Once the reconstruction is done, the next step is producing a small summary data file from that reconstruction. Often some calibration is applied at this point. While the reconstruction is expensive in terms of CPU and disk space, the summary data file production is cheap and quick - and often re-run many times.

The final step is to take the summary data and produce the final plots. This involves running over multiple summary data files, producing plots, fitting, scaling, calculating ratios, and statistical calculations to determine if you have discovered something or you are going to rule out the existence of what you haven't discovered.

This is a simplification, but it is a good enough model for this discussion. The first two steps, the reconstruction and production of the summary data files, are automated. Large CPU farms run the jobs, a huge database system tracks all the files in and out, including log files from the jobs that produce each step. I don't know the best way to actually give you the code and the data, but the problem is solvable. Computers run and manage every step of the way. Capturing that information is a hard problem, but it is all recorded in databases, in script files in well known places, in source files in source file repositories (like git or svn).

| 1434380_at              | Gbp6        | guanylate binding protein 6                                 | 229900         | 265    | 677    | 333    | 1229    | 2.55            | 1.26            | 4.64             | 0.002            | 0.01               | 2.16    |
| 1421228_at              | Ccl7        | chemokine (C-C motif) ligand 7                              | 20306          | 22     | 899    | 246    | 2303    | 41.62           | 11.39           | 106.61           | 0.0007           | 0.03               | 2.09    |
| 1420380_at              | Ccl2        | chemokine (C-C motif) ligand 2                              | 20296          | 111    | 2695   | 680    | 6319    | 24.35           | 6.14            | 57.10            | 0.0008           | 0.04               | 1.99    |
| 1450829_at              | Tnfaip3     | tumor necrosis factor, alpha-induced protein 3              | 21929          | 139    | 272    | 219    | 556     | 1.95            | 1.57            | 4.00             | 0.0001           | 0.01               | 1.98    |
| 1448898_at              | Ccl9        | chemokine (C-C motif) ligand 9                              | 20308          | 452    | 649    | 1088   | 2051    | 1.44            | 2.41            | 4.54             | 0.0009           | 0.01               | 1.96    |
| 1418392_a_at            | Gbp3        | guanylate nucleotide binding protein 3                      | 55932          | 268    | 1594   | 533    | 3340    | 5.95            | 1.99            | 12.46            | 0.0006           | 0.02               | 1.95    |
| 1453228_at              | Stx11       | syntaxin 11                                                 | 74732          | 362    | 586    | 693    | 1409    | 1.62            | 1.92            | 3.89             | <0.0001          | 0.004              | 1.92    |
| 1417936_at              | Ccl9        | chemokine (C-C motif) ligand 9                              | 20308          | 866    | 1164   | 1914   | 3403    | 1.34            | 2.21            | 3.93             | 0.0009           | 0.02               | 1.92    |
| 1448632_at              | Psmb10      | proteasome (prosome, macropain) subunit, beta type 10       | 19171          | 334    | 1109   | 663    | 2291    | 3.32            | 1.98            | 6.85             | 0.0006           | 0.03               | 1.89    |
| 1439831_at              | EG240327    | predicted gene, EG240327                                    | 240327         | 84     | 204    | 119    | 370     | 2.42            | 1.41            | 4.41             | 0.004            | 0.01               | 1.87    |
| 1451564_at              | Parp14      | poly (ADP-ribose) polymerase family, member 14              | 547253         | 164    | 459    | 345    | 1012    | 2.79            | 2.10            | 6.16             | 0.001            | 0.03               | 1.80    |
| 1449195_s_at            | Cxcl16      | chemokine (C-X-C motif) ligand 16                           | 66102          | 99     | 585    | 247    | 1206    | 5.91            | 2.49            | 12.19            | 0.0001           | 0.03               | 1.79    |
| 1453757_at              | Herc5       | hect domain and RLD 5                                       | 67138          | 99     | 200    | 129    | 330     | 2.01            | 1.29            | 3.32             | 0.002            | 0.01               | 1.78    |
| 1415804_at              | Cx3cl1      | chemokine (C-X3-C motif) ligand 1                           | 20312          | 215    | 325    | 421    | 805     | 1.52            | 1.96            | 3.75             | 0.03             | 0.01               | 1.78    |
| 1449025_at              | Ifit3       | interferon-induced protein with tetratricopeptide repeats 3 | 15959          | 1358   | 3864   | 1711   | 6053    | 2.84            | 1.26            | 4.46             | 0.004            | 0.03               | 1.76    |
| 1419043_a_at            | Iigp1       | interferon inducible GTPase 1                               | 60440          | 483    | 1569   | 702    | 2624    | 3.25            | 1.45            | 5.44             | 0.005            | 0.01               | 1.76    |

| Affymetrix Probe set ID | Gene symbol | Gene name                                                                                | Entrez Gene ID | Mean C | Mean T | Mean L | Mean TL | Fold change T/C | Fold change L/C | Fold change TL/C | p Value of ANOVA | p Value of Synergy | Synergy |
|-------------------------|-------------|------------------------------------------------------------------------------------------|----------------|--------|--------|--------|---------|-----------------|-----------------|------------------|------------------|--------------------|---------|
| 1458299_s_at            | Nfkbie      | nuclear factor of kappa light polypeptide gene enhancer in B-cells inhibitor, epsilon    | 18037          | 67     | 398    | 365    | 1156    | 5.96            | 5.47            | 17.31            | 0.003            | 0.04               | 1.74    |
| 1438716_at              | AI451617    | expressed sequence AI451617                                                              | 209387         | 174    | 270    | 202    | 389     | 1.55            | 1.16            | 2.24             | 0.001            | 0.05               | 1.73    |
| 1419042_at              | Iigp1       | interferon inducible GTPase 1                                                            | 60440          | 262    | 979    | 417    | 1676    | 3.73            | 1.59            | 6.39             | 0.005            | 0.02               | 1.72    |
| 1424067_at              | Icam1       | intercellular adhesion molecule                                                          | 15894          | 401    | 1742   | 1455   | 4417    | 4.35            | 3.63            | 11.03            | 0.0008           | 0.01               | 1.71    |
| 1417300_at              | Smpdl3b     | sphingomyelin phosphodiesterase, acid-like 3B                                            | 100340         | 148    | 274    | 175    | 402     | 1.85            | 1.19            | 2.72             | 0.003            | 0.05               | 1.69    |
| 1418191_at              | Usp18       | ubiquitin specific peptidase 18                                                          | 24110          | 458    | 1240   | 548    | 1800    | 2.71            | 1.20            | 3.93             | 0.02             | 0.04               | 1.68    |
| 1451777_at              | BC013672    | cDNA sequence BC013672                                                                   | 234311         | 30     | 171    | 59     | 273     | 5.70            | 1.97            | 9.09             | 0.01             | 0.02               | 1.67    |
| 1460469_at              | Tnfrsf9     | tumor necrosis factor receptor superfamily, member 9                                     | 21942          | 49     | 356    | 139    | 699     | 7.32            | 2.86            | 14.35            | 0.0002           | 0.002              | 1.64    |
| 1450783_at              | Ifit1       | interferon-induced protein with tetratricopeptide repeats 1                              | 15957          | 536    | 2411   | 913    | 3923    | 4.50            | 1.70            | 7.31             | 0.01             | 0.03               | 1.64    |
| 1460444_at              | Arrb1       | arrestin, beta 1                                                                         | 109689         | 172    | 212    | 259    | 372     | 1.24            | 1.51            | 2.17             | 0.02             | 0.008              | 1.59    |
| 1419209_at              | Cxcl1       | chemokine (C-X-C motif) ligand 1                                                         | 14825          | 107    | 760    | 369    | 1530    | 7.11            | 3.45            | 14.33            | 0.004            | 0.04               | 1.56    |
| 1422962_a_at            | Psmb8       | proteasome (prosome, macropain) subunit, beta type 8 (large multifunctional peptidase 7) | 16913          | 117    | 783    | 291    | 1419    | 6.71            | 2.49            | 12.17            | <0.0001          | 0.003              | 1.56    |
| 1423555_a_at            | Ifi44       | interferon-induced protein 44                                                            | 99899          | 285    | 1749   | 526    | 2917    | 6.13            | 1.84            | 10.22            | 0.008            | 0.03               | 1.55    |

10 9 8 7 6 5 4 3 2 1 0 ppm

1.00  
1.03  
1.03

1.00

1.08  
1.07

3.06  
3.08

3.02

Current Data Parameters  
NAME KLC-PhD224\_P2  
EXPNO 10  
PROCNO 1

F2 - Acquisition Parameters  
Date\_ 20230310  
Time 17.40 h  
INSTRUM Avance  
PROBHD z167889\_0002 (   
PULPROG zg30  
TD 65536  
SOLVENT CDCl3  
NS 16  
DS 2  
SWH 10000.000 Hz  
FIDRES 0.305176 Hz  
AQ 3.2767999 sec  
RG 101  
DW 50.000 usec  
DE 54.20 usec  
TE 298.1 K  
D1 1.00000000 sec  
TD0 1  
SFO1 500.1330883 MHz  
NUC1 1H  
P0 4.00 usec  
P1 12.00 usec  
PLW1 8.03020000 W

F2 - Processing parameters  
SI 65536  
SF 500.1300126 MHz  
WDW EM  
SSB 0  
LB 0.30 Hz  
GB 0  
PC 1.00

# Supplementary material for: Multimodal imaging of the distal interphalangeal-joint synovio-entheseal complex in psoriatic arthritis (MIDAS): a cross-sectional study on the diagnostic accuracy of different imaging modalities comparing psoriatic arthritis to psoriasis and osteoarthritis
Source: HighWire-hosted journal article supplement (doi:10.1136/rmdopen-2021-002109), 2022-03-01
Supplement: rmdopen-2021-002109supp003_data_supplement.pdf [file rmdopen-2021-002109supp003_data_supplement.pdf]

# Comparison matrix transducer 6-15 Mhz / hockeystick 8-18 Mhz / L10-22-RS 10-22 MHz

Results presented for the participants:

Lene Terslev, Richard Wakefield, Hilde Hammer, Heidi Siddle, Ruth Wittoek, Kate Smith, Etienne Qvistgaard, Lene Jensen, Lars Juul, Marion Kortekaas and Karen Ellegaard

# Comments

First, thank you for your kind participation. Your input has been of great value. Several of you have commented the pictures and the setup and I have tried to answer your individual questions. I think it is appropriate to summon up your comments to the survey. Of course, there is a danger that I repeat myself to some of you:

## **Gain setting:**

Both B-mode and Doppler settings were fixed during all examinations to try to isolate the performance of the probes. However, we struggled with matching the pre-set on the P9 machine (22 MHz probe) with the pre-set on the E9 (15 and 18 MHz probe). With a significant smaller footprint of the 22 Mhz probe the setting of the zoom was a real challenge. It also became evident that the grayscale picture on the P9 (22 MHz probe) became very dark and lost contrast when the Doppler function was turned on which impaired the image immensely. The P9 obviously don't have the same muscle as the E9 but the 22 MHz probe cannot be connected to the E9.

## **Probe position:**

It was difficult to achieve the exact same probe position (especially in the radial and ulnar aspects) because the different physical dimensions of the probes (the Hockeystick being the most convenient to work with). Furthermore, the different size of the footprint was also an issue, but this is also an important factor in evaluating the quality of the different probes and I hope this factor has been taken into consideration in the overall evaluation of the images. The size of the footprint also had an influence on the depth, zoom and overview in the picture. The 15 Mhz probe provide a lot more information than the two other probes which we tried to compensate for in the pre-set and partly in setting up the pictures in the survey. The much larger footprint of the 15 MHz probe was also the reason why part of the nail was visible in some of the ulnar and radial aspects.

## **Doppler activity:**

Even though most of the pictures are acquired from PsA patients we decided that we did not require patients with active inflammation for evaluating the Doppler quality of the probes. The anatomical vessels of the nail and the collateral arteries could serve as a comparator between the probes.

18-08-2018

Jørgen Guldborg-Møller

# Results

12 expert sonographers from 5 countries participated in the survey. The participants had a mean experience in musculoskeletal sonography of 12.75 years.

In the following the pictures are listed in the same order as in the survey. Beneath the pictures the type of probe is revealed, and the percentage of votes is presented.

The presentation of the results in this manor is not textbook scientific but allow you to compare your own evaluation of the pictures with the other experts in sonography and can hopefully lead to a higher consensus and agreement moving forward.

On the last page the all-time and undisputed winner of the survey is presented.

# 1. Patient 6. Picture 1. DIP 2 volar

The last step, however, is a mess! Take figure 3 of the paper I referenced above. We had to make some 50 versions of that plot, and fit each one. We never found a single function that would fit everything. And the fit often would not converge without a little help. I call this sort of computer-human interaction hand-art: one cannot automate the process and direct intervention by a "hand" is required. Even without that something like fitting-by-hand, this last step is typically a mess of scripts and jobs that are run by hand.

This is an issue that spans both tools and sociology in the field. What if the tools to preserve the tasks are very different from what we do now? How do we convince people to switch? And given such an uncontrolled environment where analysis takes place, how do we even capture the steps in the first place?

This is one of many things lacking when it comes to delivering a particle physics analysis in a reproducible fashion. Some of the other blog posts should be read to see more!

Monday, May 25, 2015


Since we often forget what reproducibility means, particularly in the context of repeatability and replicability, I think it is worth highlighting this slide, taken from a talk a few days ago:

Sunday, May 24, 2015

Reproducibility, Data Curation, and Cost-Constrained Domains

My name is Eric Rozier, and I'm an Assistant Professor in Electrical Engineering and Computing Systems at the University of Cincinnati, and a two time faculty mentor at the University of Chicago's Data Science for Social Good Summer Fellowship (DSSG). DSSG is a summer program through the Computation Institute which seeks to tackle problems in Big Data with social relevance.  Last summer I advised eight student fellows on projects with the Chicago Department of Public Health and the World Bank's Integrity Vice Presidency.  During the normal year I'm the director of the Trustworthy Data Engineering Laboratory at the University of Cincinnati where we work on problems at the intersection of Big Data, Data Privacy and Cybersecurity, Data Dependability, and Analytics.